Snail Foils Trump's Plan for Wall on an Irish Golf Course
Vertigo angustior, CM62.27772 from Switzerland. (Photo by Charles F. Sturm)
by Timothy A. Pearce
What can stop a wall that the president of the United States wants to build? Snails of course!
At least that was the case on a golf course in Ireland owned by President Donald Trump’s company, Trump International Golf Links.
According to The Washington Post, the company’s plans to build a huge, two-mile sea wall on its Irish golf course were recently withdrawn and replaced with a proposal for two smaller walls.
A tiny, 2 millimeter snail, Vertigo angustior, living in the adjacent Carrowmore Dunes, a special area of conservation, could be harmed if the wall were to change the hydrology of the area. The Carrowmore Dunes site is specially designated for conservation due to its three different dune types and the presence of Vertigo angustior.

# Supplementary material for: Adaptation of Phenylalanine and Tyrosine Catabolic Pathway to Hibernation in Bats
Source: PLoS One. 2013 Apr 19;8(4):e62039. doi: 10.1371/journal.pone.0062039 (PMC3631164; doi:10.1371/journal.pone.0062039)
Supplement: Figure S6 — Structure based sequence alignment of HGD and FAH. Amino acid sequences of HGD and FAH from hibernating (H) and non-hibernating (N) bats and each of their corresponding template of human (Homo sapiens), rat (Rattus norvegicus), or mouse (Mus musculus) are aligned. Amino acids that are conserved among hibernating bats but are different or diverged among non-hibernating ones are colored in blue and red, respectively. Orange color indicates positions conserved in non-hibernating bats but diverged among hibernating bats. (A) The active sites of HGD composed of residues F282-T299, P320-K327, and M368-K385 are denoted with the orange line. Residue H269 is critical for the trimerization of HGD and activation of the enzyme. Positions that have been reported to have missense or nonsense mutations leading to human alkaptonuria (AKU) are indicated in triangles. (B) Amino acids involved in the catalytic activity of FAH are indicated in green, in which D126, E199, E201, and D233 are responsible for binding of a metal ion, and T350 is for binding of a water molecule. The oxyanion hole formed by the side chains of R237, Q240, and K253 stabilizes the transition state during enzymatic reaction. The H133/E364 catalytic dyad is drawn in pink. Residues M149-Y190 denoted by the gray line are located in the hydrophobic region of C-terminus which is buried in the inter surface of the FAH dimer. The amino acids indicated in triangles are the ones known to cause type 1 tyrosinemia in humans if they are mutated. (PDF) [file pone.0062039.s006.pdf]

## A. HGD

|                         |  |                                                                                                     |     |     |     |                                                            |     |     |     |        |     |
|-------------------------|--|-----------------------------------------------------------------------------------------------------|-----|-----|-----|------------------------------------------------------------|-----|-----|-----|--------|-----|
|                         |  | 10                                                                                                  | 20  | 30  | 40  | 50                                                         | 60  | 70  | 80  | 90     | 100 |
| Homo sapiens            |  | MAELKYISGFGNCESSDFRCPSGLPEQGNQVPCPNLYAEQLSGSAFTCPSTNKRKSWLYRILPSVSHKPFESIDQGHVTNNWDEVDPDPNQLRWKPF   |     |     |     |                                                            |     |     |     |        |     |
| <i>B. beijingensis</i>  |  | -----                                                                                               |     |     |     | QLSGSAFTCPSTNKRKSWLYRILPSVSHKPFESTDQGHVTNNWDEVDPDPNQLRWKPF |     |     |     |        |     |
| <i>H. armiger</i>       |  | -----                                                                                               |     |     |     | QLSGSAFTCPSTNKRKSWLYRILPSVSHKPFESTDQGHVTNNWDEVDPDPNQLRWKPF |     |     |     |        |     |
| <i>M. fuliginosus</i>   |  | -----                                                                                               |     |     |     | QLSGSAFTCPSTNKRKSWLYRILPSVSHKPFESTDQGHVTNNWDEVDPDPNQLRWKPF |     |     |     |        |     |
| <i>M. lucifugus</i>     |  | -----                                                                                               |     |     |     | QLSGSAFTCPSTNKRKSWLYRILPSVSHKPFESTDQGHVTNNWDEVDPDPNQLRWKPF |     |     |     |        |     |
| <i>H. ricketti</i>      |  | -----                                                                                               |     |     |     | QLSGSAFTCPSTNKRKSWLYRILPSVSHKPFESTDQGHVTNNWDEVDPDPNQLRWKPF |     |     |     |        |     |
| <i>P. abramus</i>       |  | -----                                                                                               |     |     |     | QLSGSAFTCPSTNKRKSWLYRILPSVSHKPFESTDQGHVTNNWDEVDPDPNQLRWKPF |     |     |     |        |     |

Trump’s company submitted an initial wall proposal that cited rising sea levels as a result of climate change as the reason it needed the wall, according to BBC News.
Concerns over the snail and the special dunes delayed a decision about the proposed wall, so Trump International Golf Links resubmitted a proposal for smaller walls just before Christmas 2016, according to the Washington Post. The Clare County Council will carefully consider the revised proposal for its conservation objectives and the impact on the protected snail. A decision is expected this spring.
The European snail Vertigo angustior is unusual for coiling the opposite direction of most land snails and occurs in wetlands and low areas among coastal dunes. It is legally protected under the European Union’s Habitats and Species Directive due to declining populations and because wetlands are difficult to protect. According to the International Union for Conservation of Nature, the main threat to this species is the modification of site hydrology, which could occur with the building of sea walls.
Some people feel that business endeavors are more important than species extinctions, while others argue that it is unfair for one species, humans, to cause the complete extinction of another species. Endangered species laws recognize the importance of allowing species to persist.
Timothy A. Pearce, PhD, is the head of the mollusks section at Carnegie Museum of Natural History. Museum employees are encouraged to blog about their unique experiences and knowledge gained from working at the museum.